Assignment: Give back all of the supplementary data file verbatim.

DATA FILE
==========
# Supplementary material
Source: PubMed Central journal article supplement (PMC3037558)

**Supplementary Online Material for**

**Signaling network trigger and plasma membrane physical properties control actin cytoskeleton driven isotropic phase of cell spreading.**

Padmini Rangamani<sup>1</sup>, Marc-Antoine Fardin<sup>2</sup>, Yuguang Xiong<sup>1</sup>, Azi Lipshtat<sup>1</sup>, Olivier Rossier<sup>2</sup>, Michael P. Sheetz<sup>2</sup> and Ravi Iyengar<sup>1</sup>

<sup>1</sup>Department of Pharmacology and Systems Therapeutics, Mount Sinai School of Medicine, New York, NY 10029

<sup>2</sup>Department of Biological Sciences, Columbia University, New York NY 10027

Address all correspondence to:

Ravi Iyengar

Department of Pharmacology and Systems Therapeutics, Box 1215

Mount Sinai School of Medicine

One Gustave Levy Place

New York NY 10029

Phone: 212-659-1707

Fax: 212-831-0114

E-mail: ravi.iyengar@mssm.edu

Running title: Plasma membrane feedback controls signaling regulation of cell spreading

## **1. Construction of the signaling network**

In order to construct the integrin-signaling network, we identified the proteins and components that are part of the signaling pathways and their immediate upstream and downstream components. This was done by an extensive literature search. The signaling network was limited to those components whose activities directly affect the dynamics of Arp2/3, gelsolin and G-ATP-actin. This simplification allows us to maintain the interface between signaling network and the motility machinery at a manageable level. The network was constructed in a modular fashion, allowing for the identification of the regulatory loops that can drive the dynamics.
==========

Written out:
# Supplementary material
Source: PubMed Central journal article supplement (PMC3037558)

**Supplementary Online Material for**

**Signaling network trigger and plasma membrane physical properties control actin cytoskeleton driven isotropic phase of cell spreading.**

Padmini Rangamani<sup>1</sup>, Marc-Antoine Fardin<sup>2</sup>, Yuguang Xiong<sup>1</sup>, Azi Lipshtat<sup>1</sup>, Olivier Rossier<sup>2</sup>, Michael P. Sheetz<sup>2</sup> and Ravi Iyengar<sup>1</sup>

<sup>1</sup>Department of Pharmacology and Systems Therapeutics, Mount Sinai School of Medicine, New York, NY 10029

<sup>2</sup>Department of Biological Sciences, Columbia University, New York NY 10027

Address all correspondence to:

Ravi Iyengar

Department of Pharmacology and Systems Therapeutics, Box 1215

Mount Sinai School of Medicine

One Gustave Levy Place

New York NY 10029

Phone: 212-659-1707

Fax: 212-831-0114

E-mail: ravi.iyengar@mssm.edu

Running title: Plasma membrane feedback controls signaling regulation of cell spreading

## **1. Construction of the signaling network**

In order to construct the integrin-signaling network, we identified the proteins and components that are part of the signaling pathways and their immediate upstream and downstream components. This was done by an extensive literature search. The signaling network was limited to those components whose activities directly affect the dynamics of Arp2/3, gelsolin and G-ATP-actin. This simplification allows us to maintain the interface between signaling network and the motility machinery at a manageable level. The network was constructed in a modular fashion, allowing for the identification of the regulatory loops that can drive the dynamics.